Sure, it might take a little time to head into town, but… that’s sort of the point. Harvest Moon games are as much about the minutiae of running to and from the farm completing tasks, as it is growing and herding. It’s like making a Zelda game and eliminating treasure hunting, instead just throwing all the treasure chests into a chamber at the entrance of a dungeon. It might be more expedient to do that, but as fans of the series know, it’s going off to find all that loot that makes it worthwhile in the first place. It’s fun! It’s why people play! Confining the entirety of Lost Valley to a single location was a glaring error on Natsume’s part, and one that truly diminishes the quality of the experience.

It was also odd just how long the game suspends the passing of seasons before allowing players to experience anything beyond the endless winter plaguing the farm (and inaccessible/nonexistent village). The lack of seasons is tied into the narrative (which I won’t spoil here), and though I can appreciate that holding back fall, spring, and summer does provide an impetus for players to build up their farms, Lost Valley pushes the gimmick beyond its breaking point. I kept following the game’s promptings in order to progress through the story, but by the time summer came, I felt like it should have arrived long before that point. It’s an unreasonable amount of time to ask of players to go without any seasonal variety, especially with a lack of scenery beyond the farm.

Those looking forward to meeting potential suitors can breath easy, as Natsume didn’t remove relationships and marriages from the game, but there aren’t too many love interests to pursue. The ones who are there are fairly generic, to boot (though no one can hold a candle to Karen in Harvest Moon 64, in any event!). Without being able to go anywhere besides the farm, it also makes courting said love interests lose some of its excitement. Though I applaud the game’s terraforming and tight controls, I can’t help but think that maybe part of Natsume’s motivation for scaling back so many traditional Harvest Moon elements was in order to facilitate the very feature that makes this installment unique. As it stands, I can’t say wholeheartedly that Lost Valley is a better game for making the shift, which is a real shame.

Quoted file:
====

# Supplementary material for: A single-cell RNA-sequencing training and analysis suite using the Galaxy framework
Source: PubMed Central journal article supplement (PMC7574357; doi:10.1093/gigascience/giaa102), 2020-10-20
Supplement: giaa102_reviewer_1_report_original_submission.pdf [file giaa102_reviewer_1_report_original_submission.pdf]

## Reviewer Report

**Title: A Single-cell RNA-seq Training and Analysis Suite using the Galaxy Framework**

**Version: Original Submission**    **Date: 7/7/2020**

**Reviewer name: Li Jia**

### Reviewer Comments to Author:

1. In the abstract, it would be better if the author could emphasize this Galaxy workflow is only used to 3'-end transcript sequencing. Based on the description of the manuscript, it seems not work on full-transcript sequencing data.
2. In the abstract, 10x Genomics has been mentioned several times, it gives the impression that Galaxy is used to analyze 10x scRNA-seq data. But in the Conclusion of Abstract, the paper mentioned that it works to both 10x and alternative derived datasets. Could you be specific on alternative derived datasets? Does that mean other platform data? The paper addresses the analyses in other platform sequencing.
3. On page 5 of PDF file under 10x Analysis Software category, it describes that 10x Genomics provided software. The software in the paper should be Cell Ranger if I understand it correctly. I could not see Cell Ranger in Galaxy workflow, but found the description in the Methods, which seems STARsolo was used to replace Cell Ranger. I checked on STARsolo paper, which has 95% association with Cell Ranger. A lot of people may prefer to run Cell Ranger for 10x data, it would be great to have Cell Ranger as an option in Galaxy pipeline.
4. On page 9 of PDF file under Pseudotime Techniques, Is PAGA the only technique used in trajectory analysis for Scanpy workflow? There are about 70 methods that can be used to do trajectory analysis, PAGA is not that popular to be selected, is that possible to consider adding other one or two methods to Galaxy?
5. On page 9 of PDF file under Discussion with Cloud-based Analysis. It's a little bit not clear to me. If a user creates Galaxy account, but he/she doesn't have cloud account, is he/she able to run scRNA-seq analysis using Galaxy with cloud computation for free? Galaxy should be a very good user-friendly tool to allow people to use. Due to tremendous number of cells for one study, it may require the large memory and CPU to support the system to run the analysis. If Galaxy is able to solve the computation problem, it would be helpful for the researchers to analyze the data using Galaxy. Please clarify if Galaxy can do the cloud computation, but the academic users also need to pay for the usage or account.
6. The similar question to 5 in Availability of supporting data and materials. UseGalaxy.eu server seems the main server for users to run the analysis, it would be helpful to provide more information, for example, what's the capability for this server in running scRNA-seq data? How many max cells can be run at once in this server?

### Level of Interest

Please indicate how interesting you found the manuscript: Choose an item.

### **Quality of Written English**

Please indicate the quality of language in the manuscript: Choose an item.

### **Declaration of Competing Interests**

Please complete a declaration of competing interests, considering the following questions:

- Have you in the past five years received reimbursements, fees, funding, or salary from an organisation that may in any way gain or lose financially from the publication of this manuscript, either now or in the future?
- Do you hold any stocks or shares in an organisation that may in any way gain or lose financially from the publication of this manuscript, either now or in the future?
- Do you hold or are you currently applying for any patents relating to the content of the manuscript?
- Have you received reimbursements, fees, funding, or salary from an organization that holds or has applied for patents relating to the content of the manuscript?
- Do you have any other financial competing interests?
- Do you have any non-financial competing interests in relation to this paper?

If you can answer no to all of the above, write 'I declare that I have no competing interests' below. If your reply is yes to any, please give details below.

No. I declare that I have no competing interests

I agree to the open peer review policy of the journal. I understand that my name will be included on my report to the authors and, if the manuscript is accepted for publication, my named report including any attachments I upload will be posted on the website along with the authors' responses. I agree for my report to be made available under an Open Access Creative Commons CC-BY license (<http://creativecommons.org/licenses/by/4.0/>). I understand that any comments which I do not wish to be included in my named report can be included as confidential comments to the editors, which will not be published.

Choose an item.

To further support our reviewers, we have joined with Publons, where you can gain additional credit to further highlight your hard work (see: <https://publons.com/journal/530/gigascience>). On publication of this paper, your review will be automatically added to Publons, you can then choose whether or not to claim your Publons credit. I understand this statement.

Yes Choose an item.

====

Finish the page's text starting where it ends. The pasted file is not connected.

Natsume’s first time up to bat is admirable in that it feels like a genuine attempt to bring something new and address some of the longstanding complaints that fans have had. Should the next Harvest Moon maintain these controls and suite of terraforming abilities, I foresee a bright future for the franchise– so long as features missing from Lost Valley make a return. With no village to visit, drive-thru interactions with NPCs outside of the player’s front door, and overly slow pacing in the narrative, Lost Valley feels like half of a really fun game.

2 Responses to “Review: Harvest Moon: The Lost Valley

  • 66 points
    haruhi4 says...

    i bought this game. I though it was going to be a great harvest moon. I was wrong. I need a walkthrough to play it. The goals(to restore the seasons) are not intuitive, there is no village and no “give item to character to raise friendship”. One of the WORST entries of the series. I even contacted the technical support to know how to advance on the game and they don´t have a walkthrough, they only have this incomplete walkthrough:

  • 207 points
    Jon Stevens says...

    I love the Harvest Moon series. It’s a concept that (like things like Euro Truck Simulator) shouldn’t be fun, and yet is utterly engrossing.

    That said, I still haven’t found a game in the series that really beats Harvest Moon Friends of Mineral Town. It’s good to see that they are trying new things with the series – even if it hasn’t fully worked this time.